The Washington Post’s Travel section writers and editors recently discussed stories, questions, gripes and more. Here are edited excerpts:
Q: I recently traveled on American Airlines and experienced a mechanical delay of nearly four hours. I boarded and deboarded the original plane. The second plane pulled up to the gate but was also deemed unfit to fly. A third and final plane got us en route. The day after the flight, 3,000 miles was deposited into my frequent flier account as an apology. Is this appropriate? I asked for a $250 credit but they would not budge.
A: It depends. If you were flying to Europe, you would be covered by EU 261, the European airline consumer law. American would probably owe you some money, depending on the length of your delay. If you were flying in the States, it would owe you nothing under the law. So 3,000 miles would actually be more than it should have given you. I guess that’s what you get when you have a deregulated industry with almost zero competition.
- Christopher Elliott
Q: We are traveling to Spain in March and this will be our first trip. We are considering a 15-day Cosmos bus tour followed by seven to 10 days of “free travel” to areas we might wish to spend more time experiencing. Is this a reasonable plan or should we do otherwise?
A: If you want to immerse yourself in Spain, I think that’s a fine plan. The bus tour will likely take you to all the top tourist cities, and then you can go out and explore the places that weren’t covered. And by spring, perhaps the Barcelona demonstrations will be in the past. Don’t miss the Costa Blanca coast, which offer a string of nice fishing villages with good restaurants, old churches, beachfront boardwalks, etc.
- Carol Sottili
Q: I am off to Portland, Oregon this week for a long needed break. Are there any can’t miss inside activities in case the forcasted deluge happens? I like art, music and the like. Shopping? Not so much—books excluded of course.
A: Yes. Check out the Oregon Historical Society, which has a really impressive JFK exhibit that runs through Nov. 12.
Q: I will travel through Istanbul for an upcoming trip, as I have done many times. On one occasion, my connection was cancelled in Istanbul—Turkish Air provided a hotel room, I got a visa at the airport, spent the night and flew out the next day. At present, U.S. citizens cannot get a visa for Turkey from the United States, or through the Turkish e-visa program. If my upcoming connecting flight in Istanbul is delayed or cancelled, will I be able to get a visa at the airport so I can go to a hotel, or will I be trapped at the airport?
A: There is a transit hotel that you could stay in at the airport, if it’s not booked. But you won’t be able to leave the airport to go to a hotel.
Q: I’ve had Global Entry since 2012 and have loved it. However, for the last few months the process has changed to the point that I don’t see why I’m paying a fee. The last time I flew, upon entry I went to the machine, got my slip, and stood in a tremendously long line to have an immigration agent still demand to see my passport and ask questions about my trip. What’s the deal with this change? Have any of you experienced this yet? Why pay for Global Entry and submit to an intrusive background check if I’m still going to be questioned by an immigration agent?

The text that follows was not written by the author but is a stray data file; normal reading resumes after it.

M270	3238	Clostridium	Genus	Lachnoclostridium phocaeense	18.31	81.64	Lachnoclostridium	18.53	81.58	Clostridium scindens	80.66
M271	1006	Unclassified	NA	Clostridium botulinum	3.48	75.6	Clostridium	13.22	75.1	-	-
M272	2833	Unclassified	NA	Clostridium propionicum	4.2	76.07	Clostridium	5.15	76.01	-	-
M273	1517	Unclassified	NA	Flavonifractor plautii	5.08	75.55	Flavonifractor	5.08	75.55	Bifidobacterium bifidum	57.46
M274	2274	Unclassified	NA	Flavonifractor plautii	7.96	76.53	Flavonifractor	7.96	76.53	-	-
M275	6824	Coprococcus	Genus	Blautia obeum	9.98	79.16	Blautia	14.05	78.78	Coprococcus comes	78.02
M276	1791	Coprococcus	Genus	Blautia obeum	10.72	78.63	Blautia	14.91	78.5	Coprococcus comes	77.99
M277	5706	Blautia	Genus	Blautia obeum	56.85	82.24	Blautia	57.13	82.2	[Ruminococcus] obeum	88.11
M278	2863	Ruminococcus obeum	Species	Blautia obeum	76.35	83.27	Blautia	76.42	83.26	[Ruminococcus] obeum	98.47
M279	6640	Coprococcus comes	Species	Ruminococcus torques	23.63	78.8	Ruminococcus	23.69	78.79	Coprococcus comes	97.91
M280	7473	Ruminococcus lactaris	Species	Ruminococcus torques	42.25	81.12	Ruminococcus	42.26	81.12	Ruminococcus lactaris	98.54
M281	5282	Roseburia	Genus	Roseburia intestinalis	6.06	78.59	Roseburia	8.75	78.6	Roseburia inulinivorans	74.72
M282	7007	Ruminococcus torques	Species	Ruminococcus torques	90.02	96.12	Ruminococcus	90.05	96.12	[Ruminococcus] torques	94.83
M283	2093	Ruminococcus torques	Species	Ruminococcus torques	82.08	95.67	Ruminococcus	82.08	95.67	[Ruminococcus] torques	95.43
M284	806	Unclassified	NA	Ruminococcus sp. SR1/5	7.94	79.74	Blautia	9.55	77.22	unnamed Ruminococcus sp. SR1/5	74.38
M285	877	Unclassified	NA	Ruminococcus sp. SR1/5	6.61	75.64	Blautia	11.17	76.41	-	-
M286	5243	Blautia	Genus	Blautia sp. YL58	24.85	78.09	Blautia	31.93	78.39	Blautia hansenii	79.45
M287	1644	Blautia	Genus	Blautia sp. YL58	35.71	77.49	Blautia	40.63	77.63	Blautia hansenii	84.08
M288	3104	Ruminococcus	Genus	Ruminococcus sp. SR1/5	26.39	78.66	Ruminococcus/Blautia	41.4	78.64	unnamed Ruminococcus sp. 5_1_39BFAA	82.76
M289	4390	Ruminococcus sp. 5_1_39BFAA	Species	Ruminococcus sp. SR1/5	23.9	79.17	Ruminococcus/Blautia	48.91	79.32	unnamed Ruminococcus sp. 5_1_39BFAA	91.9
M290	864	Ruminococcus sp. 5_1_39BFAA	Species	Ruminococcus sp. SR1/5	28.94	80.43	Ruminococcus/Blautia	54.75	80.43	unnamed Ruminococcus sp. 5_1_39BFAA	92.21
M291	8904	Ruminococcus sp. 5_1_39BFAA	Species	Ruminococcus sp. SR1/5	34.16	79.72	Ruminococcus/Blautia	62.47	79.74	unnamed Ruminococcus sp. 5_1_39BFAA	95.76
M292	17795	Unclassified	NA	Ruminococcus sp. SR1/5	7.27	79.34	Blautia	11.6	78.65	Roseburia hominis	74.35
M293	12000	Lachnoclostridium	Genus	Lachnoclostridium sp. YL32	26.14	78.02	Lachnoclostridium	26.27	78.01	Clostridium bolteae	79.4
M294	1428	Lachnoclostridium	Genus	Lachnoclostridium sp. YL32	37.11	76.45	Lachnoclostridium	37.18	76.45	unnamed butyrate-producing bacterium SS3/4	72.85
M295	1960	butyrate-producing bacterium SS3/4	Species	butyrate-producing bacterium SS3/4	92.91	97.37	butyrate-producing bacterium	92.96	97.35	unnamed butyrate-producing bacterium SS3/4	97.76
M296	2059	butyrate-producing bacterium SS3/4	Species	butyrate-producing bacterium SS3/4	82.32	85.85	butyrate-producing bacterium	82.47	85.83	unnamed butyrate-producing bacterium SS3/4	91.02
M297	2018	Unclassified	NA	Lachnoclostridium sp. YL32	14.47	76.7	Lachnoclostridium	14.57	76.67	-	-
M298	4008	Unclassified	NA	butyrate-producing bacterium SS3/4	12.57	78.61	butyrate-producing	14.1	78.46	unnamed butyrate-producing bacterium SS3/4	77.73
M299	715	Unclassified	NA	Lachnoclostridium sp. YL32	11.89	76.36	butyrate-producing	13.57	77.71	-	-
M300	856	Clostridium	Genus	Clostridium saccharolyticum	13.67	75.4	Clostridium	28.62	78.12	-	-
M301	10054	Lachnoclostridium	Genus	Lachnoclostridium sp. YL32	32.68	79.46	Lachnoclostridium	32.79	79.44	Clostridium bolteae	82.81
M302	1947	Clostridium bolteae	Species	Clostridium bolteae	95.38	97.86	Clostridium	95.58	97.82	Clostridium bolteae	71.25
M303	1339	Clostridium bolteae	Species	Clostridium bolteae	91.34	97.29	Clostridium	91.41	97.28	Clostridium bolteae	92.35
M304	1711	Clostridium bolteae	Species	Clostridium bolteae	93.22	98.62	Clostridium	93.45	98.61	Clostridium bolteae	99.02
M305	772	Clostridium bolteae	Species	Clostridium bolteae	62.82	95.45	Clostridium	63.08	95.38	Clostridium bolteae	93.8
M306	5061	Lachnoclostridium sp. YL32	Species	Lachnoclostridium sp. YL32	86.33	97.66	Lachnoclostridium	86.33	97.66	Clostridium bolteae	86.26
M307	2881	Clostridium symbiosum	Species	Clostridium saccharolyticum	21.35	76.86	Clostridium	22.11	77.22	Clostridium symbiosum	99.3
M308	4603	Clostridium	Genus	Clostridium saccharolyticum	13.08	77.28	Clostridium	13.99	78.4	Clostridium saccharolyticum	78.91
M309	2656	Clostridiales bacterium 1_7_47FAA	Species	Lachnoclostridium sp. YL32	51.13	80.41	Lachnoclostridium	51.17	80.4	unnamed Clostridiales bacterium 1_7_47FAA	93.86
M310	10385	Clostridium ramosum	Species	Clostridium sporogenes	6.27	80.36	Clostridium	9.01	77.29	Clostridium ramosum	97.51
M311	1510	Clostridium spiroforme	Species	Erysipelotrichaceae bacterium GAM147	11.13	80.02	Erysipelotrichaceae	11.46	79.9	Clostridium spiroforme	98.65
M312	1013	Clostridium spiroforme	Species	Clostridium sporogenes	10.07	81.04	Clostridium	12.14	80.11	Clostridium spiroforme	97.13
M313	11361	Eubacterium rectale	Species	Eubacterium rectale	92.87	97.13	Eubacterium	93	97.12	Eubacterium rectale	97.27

A: That’s a great question. I’ve heard similar reports from people with TSA PreCheck. While most Global Entry and PreCheck lines move quickly, an increasing number don’t. That doesn’t seem to bother the Department of Homeland Security. It doesn’t care as much about your wait time as it does about security—and having your personal information that came from an extensive background check for which you paid.
Q: How do car rental agencies link a car model to a size? I am a tall individual looking for a rental in late fall and I see a Toyota Corolla listed as a full size car.
A: I just call the rental desk and ask what type of cars they have. I started doing that when I kept getting Chrysler PT Cruisers, which I could not stand. The rental sites list an example of what they offer in each category, but that can vary greatly.
Q: I’m traveling and driving a rental car this week. I’ve always taken a pass on getting the prepaid gas on rental cars, mainly because I didn’t know how much gas and how much range was left. However, with nearly all cars having a range monitor on the dash, I’m rethinking that strategy. We might pay a couple of extra dollars for the rental car company gas, but the convenience at the end of the trip would be worth it. I didn’t think about this when I picked up the car, so I’ll have to wait until my next trip to try it. What do you all think?
A: Prepaid gas can be incredibly convenient, but it only works to your advantage if you run your tank dry. If you leave a little gas in the car, you’re basically subsidizing the next renter’s fuel.
Q: My husband and I are going to Hawaii (Big Island and Oahu) in a few weeks. We’ve been to both before and wondering if you have suggestions on things to do/see that are a bit off the beaten path. We’d love to see more nature, culture, history, authentic food, etc.
A: Have you checked out Waimea Valley yet? It’s one of my favorite places on the North Shore of Oahu, and not terribly touristy. If you want to get out and hike and experience some local culture, I highly recommend it.